Much of our knowledge about wrongful convictions is derived from known exonerations, which typically involve serious violent offences and lengthy sentences. These represent only a small proportion of offences prosecuted in Canada each year, and little is known about how often innocent defendants may be wrongfully convicted of less serious offences. Recent discussions have begun to focus on the problem of false guilty pleas, in which defendants choose to plead guilty to a lesser offence to avoid the time and cost required to defend their innocence. The majority of our knowledge of the factors contributing to wrongful convictions is based on American scholarship, with less empirical research exploring wrongful convictions within the Canadian context. The present research surveyed Canadian criminal defence lawyers about their experiences representing innocent clients, including their perspective on the underlying causes of wrongful convictions in Canada and their recommendations for reform to the criminal justice system. Nearly two-thirds of defence counsel in this study reported that they had represented at least one client who was convicted despite credible claims of innocence. Many reported that they regularly see innocent clients choose to enter a strategic false guilty plea, perceiving no meaningful or realistic alternative. Counsel described a system designed to elicit a guilty plea, with lengthy pre-trial delays, routine denial of bail, inadequate funding of Legal Aid, costly defence options, padded charges, and false evidence ploys. This research expands our knowledge of wrongful convictions in Canada, their hidden prevalence, and systemic problems that increase the likelihood of their occurrence. 

Jon Gould, When the Courts Are Indifferent and Legislators Apathetic: Partnering with Protectors to Protect Public Defense, Criminal Law Bulletin.

The last decade offered advocates fleeting hope that the courts would step in to reform public defense. However, recent decisions by state courts – and the intransigence of the federal judiciary – have proven those prospects a mirage. In this essay, a courts’ researcher and advocate condemns federal and state jurists for their open and continuing refusal to address a constitutional crisis occurring daily in their own courthouses. Legislatures are proving powerless to fix the problem, too. If change is possible, it will come from the most unlikely partners in an adversarial legal system – prosecutors. Far from a wild notion, this initiative is already underway in several jurisdictions. Reform makes for strange bedfellows. 

Kelsey S. Henderson, Examining the effect of case and trial factors on defense attorneys’ plea decision-making. Psychology, Crime and Law. 

Defense attorneys are attuned to the defendant’s likelihood of conviction at trial, based on the strength of the evidence, in forming their plea decisions. A higher threshold for conviction (i.e. unanimous jury verdict rule versus majority rule), could affect defense attorneys’ willingness to take cases to trial. In this study, we examined defense attorney decision-making by presenting defense attorneys with a hypothetical case summary in which the jury verdict rule was unanimous versus majority rule (experiment one, N = 82), and the strength of the evidence was weak versus strong (experiment two, N = 81). In experiment one, there was no direct or indirect effect of jury verdict rule on plea decision-making. Rather, defense attorney estimates of the defendant’s likelihood of conviction predicted plea decisions; defense attorneys who perceived a higher likelihood of conviction were more likely to recommend plea bargaining than those who perceived a lower likelihood of conviction. In experiment two, strength of evidence influenced a number of defense attorney decisions. Defense attorneys in strong evidence conditions were more likely to recommend plea bargaining, rated the defendant’s likelihood of conviction higher, and their probability of winning at trial lower than those in weak evidence conditions.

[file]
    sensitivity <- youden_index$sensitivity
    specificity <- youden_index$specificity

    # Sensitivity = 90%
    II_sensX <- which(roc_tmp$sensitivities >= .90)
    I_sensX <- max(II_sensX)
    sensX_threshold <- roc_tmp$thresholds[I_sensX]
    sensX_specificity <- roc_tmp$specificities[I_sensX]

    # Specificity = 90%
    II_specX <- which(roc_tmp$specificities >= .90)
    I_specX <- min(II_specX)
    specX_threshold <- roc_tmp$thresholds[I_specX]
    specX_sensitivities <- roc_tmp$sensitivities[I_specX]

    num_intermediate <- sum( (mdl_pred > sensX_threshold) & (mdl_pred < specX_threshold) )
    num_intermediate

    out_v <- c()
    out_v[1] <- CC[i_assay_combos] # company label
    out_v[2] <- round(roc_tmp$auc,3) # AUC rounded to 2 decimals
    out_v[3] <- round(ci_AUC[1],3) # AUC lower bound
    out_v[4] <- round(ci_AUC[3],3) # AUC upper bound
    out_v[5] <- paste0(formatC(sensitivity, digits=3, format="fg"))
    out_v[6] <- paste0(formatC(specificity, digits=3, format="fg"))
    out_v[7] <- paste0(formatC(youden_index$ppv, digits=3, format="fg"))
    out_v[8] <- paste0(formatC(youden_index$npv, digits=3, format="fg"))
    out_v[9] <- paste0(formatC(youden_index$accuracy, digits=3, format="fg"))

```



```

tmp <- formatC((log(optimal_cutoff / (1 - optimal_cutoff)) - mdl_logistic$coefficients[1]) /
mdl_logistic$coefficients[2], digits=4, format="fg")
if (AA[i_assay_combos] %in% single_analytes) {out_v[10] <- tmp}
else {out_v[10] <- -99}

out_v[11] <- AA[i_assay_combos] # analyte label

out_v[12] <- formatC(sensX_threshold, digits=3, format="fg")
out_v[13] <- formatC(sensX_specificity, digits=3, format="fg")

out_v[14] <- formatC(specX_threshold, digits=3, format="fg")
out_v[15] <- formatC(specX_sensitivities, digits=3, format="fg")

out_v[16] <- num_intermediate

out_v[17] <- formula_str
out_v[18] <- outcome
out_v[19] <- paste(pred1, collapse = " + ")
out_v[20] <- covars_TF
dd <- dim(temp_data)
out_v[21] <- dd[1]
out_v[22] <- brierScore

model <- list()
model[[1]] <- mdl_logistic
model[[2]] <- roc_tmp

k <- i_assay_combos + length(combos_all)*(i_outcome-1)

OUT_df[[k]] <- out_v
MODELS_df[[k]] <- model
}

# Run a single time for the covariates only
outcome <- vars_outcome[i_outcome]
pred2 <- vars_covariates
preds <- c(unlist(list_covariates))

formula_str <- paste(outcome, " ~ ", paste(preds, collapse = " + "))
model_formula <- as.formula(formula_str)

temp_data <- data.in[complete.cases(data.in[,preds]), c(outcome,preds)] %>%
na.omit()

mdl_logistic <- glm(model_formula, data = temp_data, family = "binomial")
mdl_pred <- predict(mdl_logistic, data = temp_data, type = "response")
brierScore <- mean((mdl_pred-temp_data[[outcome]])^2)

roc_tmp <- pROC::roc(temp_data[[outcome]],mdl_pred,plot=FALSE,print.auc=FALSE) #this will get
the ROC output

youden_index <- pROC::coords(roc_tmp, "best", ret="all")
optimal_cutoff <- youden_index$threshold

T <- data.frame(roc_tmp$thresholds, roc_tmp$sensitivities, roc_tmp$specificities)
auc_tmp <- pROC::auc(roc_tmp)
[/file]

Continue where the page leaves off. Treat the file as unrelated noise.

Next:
Jeremiah W. Jaggers, Aurene Wilford, Ileana Anderson, and Joanna Bettmann. Perceived Effectiveness of Parent Representation Social Workers by Legal Professionals Involved with Indigent Defendants. Vol. 21/2, Advances in Social Work, p.100-115. 

The total number of children in the U.S. foster care system exceeds 428,000. Previous research indicates that when social workers and legal professionals work together, children and their families benefit significantly. Parents who effectively engage in the child welfare system are more likely to benefit from services and reunify with their children. The present study employed a phenomenological approach to explore how a parent representation pilot, which paired social workers with public defenders to better represent the needs of families in the child welfare system, was experienced by legal professionals. Judges and family court attorneys (n = 9) found the program to be helpful in reunifying families. Public defenders were able to leverage the social worker’s skills and experience to facilitate more positive outcomes, while reducing case burden. Challenges were also identified and included a lack of interdisciplinary training, potential overlap in ethical responsibilities, and role confusion. Structured intervention programs that encourage collaboration between social workers and legal professionals may improve case outcomes for indigent families involved in the child welfare system. It is advised that social work undertake a formal multidisciplinary approach in support of public defenders, which may serve to encourage positive case outcomes.